In February of 1925, a previously unheard name splashed across newspapers in the U.S. and beyond. Floyd Collins, an American cave explorer based in central Kentucky, had become trapped in an impossibly tight crawlway with arms tight at his sides and feet pinned by fallen rocks and debris. Rescue efforts captured the fascination of the country. Soon everyone knew the name and plight of Floyd Collins.
Early Rescue Efforts
Early attempts to rescue Collins were small-scale but fervid. Collins’ friends and loved ones—those who could squeeze into the narrow cavern where he lay—made every effort to get him out. His brother Homer was the first man brave and lithe enough to reach Floyd. Johnnie Gerald, a caving friend, made a valiant effort with little success. A young reporter known as “Skeets” Miller also volunteered, and it was his involvement and subsequent reporting that made Floyd Collins a household name.
They tried digging. They tried pry bars. At one point a rope was suggested, though everyone involved was pretty sure it would leave Collins without his foot. Unfortunately the angle of the tunnel was just too sharp and the process too painful. The rope idea was abandoned, and Collins remained trapped.
Hoaxes abounded from people trying to make a buck off a popular news story. Claims were made that Collins wasn’t trapped at all, and in some cases, men stepped forward to say that they were Collins. But the real Collins was very much stuck inside that cave, and after the tunnel used to reach him collapsed he was left alone without food or water. Only a lone light bulb remained with Collins to lend him meager warmth and even worse company.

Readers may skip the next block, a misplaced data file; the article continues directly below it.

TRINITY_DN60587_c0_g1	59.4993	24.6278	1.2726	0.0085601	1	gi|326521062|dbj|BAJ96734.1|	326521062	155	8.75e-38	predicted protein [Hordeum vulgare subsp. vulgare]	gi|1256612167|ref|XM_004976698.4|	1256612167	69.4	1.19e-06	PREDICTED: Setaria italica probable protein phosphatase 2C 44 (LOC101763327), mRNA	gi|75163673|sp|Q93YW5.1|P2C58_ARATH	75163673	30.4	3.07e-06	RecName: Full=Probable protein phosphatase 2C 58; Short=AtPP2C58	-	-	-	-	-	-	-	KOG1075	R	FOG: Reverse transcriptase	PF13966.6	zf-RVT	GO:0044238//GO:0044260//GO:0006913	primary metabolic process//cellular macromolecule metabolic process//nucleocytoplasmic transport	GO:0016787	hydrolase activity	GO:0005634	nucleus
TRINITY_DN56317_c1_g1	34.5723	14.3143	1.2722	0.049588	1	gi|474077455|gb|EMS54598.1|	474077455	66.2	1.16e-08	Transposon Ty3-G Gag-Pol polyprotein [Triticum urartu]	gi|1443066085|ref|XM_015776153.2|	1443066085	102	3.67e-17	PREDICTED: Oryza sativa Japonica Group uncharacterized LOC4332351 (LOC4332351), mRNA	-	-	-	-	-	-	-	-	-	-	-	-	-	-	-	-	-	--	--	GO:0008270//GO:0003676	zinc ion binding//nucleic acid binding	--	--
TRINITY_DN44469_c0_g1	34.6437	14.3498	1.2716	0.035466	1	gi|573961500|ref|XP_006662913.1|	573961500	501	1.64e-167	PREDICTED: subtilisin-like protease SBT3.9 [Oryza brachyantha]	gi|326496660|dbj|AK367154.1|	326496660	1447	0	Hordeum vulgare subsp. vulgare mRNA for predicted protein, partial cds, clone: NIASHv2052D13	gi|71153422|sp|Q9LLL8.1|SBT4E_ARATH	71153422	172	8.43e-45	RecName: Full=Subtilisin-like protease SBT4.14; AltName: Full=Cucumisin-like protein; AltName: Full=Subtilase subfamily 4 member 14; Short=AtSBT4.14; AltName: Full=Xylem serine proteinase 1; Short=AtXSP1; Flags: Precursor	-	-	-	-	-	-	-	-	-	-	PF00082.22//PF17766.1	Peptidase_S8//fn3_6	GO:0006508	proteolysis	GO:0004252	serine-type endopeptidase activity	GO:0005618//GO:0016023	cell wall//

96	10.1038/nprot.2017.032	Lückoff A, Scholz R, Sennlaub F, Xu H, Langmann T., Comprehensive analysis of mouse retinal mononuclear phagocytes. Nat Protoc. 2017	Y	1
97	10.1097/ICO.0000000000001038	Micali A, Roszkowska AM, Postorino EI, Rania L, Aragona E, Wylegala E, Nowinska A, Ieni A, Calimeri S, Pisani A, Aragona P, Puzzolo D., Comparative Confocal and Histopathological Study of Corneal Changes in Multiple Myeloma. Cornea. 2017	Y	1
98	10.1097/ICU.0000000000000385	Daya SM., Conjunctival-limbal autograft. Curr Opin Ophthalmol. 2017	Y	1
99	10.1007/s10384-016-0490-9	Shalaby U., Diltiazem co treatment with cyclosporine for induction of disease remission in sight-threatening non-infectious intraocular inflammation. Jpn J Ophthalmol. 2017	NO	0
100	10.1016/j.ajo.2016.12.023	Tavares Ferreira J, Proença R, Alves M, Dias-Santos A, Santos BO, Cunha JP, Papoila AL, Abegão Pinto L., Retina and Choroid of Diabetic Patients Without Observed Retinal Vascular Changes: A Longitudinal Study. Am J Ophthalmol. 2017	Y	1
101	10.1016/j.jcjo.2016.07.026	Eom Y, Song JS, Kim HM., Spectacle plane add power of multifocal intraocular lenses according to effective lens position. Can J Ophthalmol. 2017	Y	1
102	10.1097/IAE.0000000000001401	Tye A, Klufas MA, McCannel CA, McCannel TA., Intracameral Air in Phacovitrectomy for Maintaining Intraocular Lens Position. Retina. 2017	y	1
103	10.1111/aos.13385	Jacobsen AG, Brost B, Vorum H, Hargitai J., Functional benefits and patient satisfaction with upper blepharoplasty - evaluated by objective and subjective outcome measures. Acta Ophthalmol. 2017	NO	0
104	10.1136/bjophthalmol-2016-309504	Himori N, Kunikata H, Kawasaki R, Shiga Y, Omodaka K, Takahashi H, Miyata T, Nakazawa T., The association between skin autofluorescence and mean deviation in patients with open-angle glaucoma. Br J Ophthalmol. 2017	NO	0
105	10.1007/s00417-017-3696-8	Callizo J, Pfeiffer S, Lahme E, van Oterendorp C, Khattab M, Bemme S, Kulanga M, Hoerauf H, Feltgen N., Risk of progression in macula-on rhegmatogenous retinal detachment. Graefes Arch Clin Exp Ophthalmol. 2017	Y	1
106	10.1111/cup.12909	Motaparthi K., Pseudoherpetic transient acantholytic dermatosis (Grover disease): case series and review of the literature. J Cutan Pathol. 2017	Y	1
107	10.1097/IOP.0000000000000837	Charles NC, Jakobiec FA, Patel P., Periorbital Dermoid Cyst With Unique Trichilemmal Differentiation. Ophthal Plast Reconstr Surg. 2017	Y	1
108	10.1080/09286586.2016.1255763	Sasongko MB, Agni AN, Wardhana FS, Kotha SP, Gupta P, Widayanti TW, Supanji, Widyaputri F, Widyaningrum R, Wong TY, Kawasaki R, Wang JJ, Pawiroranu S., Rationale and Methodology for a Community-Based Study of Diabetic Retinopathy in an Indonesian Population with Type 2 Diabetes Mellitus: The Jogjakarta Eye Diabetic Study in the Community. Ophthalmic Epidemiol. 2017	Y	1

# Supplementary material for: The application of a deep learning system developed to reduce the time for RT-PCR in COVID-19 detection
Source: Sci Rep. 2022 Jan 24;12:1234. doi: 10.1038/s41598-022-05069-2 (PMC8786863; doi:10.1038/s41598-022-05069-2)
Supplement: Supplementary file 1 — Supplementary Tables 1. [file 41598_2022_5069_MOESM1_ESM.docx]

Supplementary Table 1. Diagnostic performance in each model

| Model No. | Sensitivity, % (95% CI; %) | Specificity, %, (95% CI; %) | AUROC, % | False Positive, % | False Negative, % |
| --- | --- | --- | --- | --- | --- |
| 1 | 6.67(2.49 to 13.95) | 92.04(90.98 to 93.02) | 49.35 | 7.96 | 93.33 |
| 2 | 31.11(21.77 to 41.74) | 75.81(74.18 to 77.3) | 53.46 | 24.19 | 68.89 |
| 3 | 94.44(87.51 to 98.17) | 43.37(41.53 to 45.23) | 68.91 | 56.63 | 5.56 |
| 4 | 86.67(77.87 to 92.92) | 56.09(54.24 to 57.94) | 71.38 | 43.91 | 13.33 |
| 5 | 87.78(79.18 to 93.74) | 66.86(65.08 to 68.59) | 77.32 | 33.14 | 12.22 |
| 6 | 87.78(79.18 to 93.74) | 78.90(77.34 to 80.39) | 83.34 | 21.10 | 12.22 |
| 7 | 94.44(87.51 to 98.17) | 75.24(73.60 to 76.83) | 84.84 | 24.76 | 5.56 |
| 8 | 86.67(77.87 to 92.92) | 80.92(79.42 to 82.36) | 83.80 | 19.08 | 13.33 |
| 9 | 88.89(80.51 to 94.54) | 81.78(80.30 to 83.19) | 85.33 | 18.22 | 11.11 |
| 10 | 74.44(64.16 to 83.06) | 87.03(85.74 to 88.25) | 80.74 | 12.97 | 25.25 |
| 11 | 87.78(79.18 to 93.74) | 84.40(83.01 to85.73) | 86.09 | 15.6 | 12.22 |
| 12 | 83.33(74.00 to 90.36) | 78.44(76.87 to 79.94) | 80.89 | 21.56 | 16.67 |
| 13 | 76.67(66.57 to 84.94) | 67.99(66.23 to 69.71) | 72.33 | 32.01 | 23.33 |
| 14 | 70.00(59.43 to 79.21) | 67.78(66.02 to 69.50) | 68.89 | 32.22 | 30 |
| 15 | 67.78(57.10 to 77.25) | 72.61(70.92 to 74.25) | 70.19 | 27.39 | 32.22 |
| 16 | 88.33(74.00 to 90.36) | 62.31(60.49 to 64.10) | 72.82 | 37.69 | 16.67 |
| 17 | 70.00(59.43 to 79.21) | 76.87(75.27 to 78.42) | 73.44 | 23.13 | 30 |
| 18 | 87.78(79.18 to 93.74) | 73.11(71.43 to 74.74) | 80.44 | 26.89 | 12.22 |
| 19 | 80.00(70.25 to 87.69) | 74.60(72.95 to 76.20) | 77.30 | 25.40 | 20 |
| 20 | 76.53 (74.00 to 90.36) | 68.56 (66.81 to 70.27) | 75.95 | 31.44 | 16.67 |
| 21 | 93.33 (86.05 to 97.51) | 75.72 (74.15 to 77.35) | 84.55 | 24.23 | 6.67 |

A New Plan
A new plan was made. Since Collins couldn’t be reached through the cave tunnels, a shaft would be dug straight from the surface down to Collins. Unfortunately, progress was excruciatingly slow. A process rescuers intended to finish in a handful of days took almost two weeks, and hope began to dim. So too did the light bulb, which blinked out at some point on February 11th. But the shaft was nearly finished, and those digging knew that Collins would be found soon, one way or another.
On February 16th, Collins was finally reached.
The Disappointing Conclusion
After weeks of concerted effort, national attention, and long-strained hope, rescue teams found Collins’ body. It was estimated that he had died two or three days before the shaft finally broke through to the cavern that trapped him…less than a day after his light bulb had gone out. It was a tragic, sobering end to the story, but not wholly unexpected. What man could survive the February cold with no food or water for seventeen days? Just like that, a nation that had hoped together became a nation that mourned.
There are hundreds of articles about Floyd Collins. Try a search to find more about Collins before the incident, the sensationalized reporting of his entrapment, and the stories of those who helped him on Newspapers.com.